During its testimony on security weaknesses among federal agencies this week, the Government Accountability Office detailed a number of critical elements that make up effective protection systems.
Among the systems the watchdog agency detailed was the key components in access control which is typically the technology an enterprise uses to regulate who has access to what resources.
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The GAO offered a look at what it considers to be the six critical elements in an access control system:
Boundary protection: Boundary protection controls logical connectivity into and out of networks and controls connectivity to and from devices that are connected to a network. For example, multiple firewalls can be deployed to prevent both outsiders and trusted insiders from gaining unauthorized access to systems, and intrusion detection and prevention technologies can be deployed to defend against attacks from the Internet.
User identification and authentication: A computer system must be able to identify and authenticate different users so that activities on the system can be linked to specific individuals. When an organization assigns a unique user account to specific users, the system is able to distinguish one user from another—a process called identification. The system also must establish the validity of a user’s claimed identity by requesting some kind of information, such as a password, that is known only by the user—a process known as authentication.
Multifactor authentication involves using two or more factors to achieve authentication. Factors include something you know (password or personal identification number), something you have (cryptographic identification device or token), or something you are (biometric). The combination of identification and authentication provides the basis for establishing accountability and for controlling access to the system.
Authorization: Authorization is the process of granting or denying access rights and permissions to a protected resource, such as a network, a system, an application, a function, or a file. For example, operating systems have some built-in authorization features such as permissions for files and folders. Network devices, such as routers, may have access control lists that can be used to authorize users who can access and perform certain actions on the device.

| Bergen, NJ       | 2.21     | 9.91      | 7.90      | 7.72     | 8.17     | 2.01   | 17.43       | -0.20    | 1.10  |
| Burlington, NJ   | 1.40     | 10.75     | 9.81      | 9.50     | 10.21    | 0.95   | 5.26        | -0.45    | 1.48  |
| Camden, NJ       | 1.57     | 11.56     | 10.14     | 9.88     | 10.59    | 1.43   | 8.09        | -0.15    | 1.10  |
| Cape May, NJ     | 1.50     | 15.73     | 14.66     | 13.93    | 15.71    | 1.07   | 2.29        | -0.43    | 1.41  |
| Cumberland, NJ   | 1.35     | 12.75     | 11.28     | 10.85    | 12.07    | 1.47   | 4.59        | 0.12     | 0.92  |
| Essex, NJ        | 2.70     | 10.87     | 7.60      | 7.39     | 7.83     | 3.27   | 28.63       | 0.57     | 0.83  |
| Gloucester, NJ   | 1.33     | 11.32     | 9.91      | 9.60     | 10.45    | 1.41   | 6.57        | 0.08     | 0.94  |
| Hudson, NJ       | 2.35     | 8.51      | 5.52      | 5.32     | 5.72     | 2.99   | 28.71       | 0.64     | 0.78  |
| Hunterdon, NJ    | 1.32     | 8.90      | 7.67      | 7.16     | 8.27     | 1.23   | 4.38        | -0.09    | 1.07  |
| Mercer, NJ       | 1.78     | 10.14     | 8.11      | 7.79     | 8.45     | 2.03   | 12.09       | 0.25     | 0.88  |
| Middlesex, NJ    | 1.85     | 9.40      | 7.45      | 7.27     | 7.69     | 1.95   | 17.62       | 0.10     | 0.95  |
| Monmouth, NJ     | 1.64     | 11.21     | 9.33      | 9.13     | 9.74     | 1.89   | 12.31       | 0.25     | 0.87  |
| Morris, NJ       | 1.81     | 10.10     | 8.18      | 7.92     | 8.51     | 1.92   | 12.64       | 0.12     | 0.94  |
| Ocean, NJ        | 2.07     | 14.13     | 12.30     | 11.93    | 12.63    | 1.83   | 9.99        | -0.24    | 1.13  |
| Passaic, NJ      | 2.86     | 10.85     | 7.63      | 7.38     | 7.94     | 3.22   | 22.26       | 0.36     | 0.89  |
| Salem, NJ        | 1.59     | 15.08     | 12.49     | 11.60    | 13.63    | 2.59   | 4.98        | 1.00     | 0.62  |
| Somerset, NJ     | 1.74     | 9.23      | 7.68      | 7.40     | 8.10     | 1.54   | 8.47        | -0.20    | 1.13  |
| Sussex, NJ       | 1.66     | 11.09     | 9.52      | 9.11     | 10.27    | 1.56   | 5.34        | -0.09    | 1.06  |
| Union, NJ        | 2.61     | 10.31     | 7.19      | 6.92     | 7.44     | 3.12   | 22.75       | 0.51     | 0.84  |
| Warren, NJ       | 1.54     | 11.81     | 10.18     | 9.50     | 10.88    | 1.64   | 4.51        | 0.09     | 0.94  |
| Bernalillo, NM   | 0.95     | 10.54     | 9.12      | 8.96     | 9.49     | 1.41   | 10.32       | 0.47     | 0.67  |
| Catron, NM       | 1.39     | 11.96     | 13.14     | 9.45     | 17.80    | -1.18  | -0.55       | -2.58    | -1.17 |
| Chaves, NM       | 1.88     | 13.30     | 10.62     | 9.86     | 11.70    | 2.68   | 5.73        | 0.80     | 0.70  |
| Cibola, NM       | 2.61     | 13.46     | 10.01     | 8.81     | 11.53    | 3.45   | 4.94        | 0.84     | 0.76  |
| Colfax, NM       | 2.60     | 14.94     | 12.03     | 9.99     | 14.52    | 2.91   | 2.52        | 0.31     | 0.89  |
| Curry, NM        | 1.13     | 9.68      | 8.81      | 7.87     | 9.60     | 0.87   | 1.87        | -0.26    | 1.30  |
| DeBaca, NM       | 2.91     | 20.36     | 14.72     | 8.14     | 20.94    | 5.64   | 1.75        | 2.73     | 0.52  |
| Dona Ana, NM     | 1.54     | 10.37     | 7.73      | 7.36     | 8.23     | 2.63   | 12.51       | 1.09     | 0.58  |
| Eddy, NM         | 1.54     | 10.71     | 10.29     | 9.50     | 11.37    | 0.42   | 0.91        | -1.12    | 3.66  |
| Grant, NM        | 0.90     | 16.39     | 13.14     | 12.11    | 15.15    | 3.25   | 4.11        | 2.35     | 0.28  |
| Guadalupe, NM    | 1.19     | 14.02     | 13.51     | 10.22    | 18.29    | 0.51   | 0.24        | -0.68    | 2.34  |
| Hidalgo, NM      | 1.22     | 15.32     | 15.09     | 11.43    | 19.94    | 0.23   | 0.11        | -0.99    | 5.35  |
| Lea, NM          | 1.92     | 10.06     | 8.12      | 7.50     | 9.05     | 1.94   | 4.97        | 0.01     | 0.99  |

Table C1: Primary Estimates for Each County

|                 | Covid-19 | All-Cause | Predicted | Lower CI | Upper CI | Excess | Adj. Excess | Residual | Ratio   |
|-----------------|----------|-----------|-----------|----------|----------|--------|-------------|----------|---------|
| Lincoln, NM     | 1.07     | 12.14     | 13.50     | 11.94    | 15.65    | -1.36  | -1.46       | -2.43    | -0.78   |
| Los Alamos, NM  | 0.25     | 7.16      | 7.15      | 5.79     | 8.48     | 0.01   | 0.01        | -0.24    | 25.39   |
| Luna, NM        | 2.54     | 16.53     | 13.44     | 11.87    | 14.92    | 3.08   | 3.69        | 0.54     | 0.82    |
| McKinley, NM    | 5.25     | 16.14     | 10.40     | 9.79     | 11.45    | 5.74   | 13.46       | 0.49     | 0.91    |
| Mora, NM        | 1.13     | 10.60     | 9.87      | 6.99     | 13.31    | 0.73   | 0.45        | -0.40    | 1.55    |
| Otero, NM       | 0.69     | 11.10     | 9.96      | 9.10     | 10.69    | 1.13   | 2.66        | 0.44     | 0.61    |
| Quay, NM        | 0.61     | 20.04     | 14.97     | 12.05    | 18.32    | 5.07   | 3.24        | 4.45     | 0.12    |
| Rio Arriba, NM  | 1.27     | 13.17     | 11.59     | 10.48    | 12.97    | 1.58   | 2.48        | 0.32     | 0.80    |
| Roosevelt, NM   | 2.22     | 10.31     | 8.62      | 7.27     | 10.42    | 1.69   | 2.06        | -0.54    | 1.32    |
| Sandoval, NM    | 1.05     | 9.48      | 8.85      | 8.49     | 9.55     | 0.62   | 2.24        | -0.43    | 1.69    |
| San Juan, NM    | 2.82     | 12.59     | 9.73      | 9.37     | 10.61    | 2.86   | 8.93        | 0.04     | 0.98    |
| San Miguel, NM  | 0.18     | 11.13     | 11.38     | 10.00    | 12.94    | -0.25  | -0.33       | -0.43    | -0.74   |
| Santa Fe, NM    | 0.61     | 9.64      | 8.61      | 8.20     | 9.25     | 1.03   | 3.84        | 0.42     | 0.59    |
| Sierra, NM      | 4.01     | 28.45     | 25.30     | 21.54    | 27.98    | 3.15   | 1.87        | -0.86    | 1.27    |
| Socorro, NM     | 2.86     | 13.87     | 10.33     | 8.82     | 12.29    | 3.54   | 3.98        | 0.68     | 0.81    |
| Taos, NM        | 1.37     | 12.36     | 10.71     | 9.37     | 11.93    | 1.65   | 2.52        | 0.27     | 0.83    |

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Authorization controls help implement the principle of “least privilege, “which the National Institute of Standards and Technology describes as allowing only authorized accesses for users (or processes acting on behalf of users) which are necessary to accomplish assigned tasks in accordance with organizational missions and business functions.
Cryptography: Cryptography underlies many of the mechanisms used to enforce the confidentiality and integrity of critical and sensitive information. Examples of cryptographic services are encryption, authentication, digital signature, and key management. Cryptographic tools help control access to information by making it unintelligible to unauthorized users and by protecting the integrity of transmitted or stored information.
Auditing and Monitoring: To establish individual accountability, monitor compliance with security policies, and investigate security violations, it is necessary to determine what, when, and by whom specific actions have been taken on a system. Agencies do so by implementing software that provides an audit trail, or logs of system activity, that they can use to determine the source of a transaction or attempted transaction and to monitor users’ activities.
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Physical security: Physical security controls help protect computer facilities and resources from espionage, sabotage, damage, and theft. Examples of physical security controls include perimeter fencing, surveillance cameras, security guards, locks, and procedures for granting or denying individuals physical access to computing resources.
Physical controls also include environmental controls such as smoke detectors, fire alarms, extinguishers, and uninterruptible power supplies. Considerations for perimeter security include controlling vehicular and pedestrian traffic. In addition, visitors’ access to sensitive areas is to be managed appropriately.
This story, "Network security primer: Access control" was originally published by Network World.